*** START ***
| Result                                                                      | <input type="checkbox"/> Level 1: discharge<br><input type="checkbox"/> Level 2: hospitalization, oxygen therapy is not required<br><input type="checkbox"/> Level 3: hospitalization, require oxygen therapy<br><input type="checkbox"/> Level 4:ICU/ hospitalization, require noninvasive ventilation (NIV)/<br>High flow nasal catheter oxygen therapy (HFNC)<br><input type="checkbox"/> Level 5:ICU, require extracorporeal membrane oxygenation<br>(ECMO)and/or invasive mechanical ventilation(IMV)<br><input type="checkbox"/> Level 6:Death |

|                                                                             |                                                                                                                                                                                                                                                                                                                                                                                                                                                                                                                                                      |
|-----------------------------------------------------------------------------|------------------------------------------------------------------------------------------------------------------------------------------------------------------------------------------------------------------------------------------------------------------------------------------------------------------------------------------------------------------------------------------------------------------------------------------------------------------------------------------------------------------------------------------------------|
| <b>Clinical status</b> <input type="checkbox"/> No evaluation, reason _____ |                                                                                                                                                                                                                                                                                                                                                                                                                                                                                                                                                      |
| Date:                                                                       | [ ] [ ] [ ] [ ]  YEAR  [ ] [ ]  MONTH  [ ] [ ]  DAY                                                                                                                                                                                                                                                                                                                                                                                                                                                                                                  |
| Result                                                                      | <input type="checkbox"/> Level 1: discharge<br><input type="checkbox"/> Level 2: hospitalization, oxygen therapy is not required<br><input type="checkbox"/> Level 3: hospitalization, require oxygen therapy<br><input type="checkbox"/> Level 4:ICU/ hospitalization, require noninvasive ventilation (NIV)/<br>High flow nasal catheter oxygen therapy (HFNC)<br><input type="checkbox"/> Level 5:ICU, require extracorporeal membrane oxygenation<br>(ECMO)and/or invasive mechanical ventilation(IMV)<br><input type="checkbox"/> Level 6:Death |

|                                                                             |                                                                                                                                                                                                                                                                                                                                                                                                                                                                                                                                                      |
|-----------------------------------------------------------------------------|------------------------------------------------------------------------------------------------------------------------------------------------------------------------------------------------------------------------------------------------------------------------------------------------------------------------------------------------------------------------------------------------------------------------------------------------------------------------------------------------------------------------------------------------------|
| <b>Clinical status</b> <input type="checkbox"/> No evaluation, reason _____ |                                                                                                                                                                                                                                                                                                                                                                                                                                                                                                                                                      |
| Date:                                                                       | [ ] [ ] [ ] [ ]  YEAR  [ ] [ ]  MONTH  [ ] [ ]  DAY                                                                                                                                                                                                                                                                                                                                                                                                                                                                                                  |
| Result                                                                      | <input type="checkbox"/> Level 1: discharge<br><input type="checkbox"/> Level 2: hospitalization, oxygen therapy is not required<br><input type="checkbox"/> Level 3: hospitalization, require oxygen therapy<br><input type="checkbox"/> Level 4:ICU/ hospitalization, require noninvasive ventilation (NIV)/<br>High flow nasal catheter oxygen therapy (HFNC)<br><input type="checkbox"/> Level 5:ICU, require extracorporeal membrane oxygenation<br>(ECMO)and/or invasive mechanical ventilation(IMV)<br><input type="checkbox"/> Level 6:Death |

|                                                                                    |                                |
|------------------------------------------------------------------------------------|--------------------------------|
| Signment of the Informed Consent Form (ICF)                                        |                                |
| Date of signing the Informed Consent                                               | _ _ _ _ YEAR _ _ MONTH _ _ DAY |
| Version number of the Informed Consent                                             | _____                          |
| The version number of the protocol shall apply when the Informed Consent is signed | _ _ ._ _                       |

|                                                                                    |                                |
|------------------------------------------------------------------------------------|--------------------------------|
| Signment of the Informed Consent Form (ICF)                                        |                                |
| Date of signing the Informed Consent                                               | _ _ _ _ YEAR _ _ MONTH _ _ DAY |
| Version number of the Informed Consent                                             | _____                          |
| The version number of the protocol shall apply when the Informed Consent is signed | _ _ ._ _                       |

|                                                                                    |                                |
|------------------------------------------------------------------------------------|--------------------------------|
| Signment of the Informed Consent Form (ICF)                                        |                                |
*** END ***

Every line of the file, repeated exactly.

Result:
| Result                                                                      | <input type="checkbox"/> Level 1: discharge<br><input type="checkbox"/> Level 2: hospitalization, oxygen therapy is not required<br><input type="checkbox"/> Level 3: hospitalization, require oxygen therapy<br><input type="checkbox"/> Level 4:ICU/ hospitalization, require noninvasive ventilation (NIV)/<br>High flow nasal catheter oxygen therapy (HFNC)<br><input type="checkbox"/> Level 5:ICU, require extracorporeal membrane oxygenation<br>(ECMO)and/or invasive mechanical ventilation(IMV)<br><input type="checkbox"/> Level 6:Death |

|                                                                             |                                                                                                                                                                                                                                                                                                                                                                                                                                                                                                                                                      |
|-----------------------------------------------------------------------------|------------------------------------------------------------------------------------------------------------------------------------------------------------------------------------------------------------------------------------------------------------------------------------------------------------------------------------------------------------------------------------------------------------------------------------------------------------------------------------------------------------------------------------------------------|
| <b>Clinical status</b> <input type="checkbox"/> No evaluation, reason _____ |                                                                                                                                                                                                                                                                                                                                                                                                                                                                                                                                                      |
| Date:                                                                       | [ ] [ ] [ ] [ ]  YEAR  [ ] [ ]  MONTH  [ ] [ ]  DAY                                                                                                                                                                                                                                                                                                                                                                                                                                                                                                  |
| Result                                                                      | <input type="checkbox"/> Level 1: discharge<br><input type="checkbox"/> Level 2: hospitalization, oxygen therapy is not required<br><input type="checkbox"/> Level 3: hospitalization, require oxygen therapy<br><input type="checkbox"/> Level 4:ICU/ hospitalization, require noninvasive ventilation (NIV)/<br>High flow nasal catheter oxygen therapy (HFNC)<br><input type="checkbox"/> Level 5:ICU, require extracorporeal membrane oxygenation<br>(ECMO)and/or invasive mechanical ventilation(IMV)<br><input type="checkbox"/> Level 6:Death |

|                                                                             |                                                                                                                                                                                                                                                                                                                                                                                                                                                                                                                                                      |
|-----------------------------------------------------------------------------|------------------------------------------------------------------------------------------------------------------------------------------------------------------------------------------------------------------------------------------------------------------------------------------------------------------------------------------------------------------------------------------------------------------------------------------------------------------------------------------------------------------------------------------------------|
| <b>Clinical status</b> <input type="checkbox"/> No evaluation, reason _____ |                                                                                                                                                                                                                                                                                                                                                                                                                                                                                                                                                      |
| Date:                                                                       | [ ] [ ] [ ] [ ]  YEAR  [ ] [ ]  MONTH  [ ] [ ]  DAY                                                                                                                                                                                                                                                                                                                                                                                                                                                                                                  |
| Result                                                                      | <input type="checkbox"/> Level 1: discharge<br><input type="checkbox"/> Level 2: hospitalization, oxygen therapy is not required<br><input type="checkbox"/> Level 3: hospitalization, require oxygen therapy<br><input type="checkbox"/> Level 4:ICU/ hospitalization, require noninvasive ventilation (NIV)/<br>High flow nasal catheter oxygen therapy (HFNC)<br><input type="checkbox"/> Level 5:ICU, require extracorporeal membrane oxygenation<br>(ECMO)and/or invasive mechanical ventilation(IMV)<br><input type="checkbox"/> Level 6:Death |

|                                                                                    |                                |
|------------------------------------------------------------------------------------|--------------------------------|
| Signment of the Informed Consent Form (ICF)                                        |                                |
| Date of signing the Informed Consent                                               | _ _ _ _ YEAR _ _ MONTH _ _ DAY |
| Version number of the Informed Consent                                             | _____                          |
| The version number of the protocol shall apply when the Informed Consent is signed | _ _ ._ _                       |

|                                                                                    |                                |
|------------------------------------------------------------------------------------|--------------------------------|
| Signment of the Informed Consent Form (ICF)                                        |                                |
| Date of signing the Informed Consent                                               | _ _ _ _ YEAR _ _ MONTH _ _ DAY |
| Version number of the Informed Consent                                             | _____                          |
| The version number of the protocol shall apply when the Informed Consent is signed | _ _ ._ _                       |

|                                                                                    |                                |
|------------------------------------------------------------------------------------|--------------------------------|
| Signment of the Informed Consent Form (ICF)                                        |                                |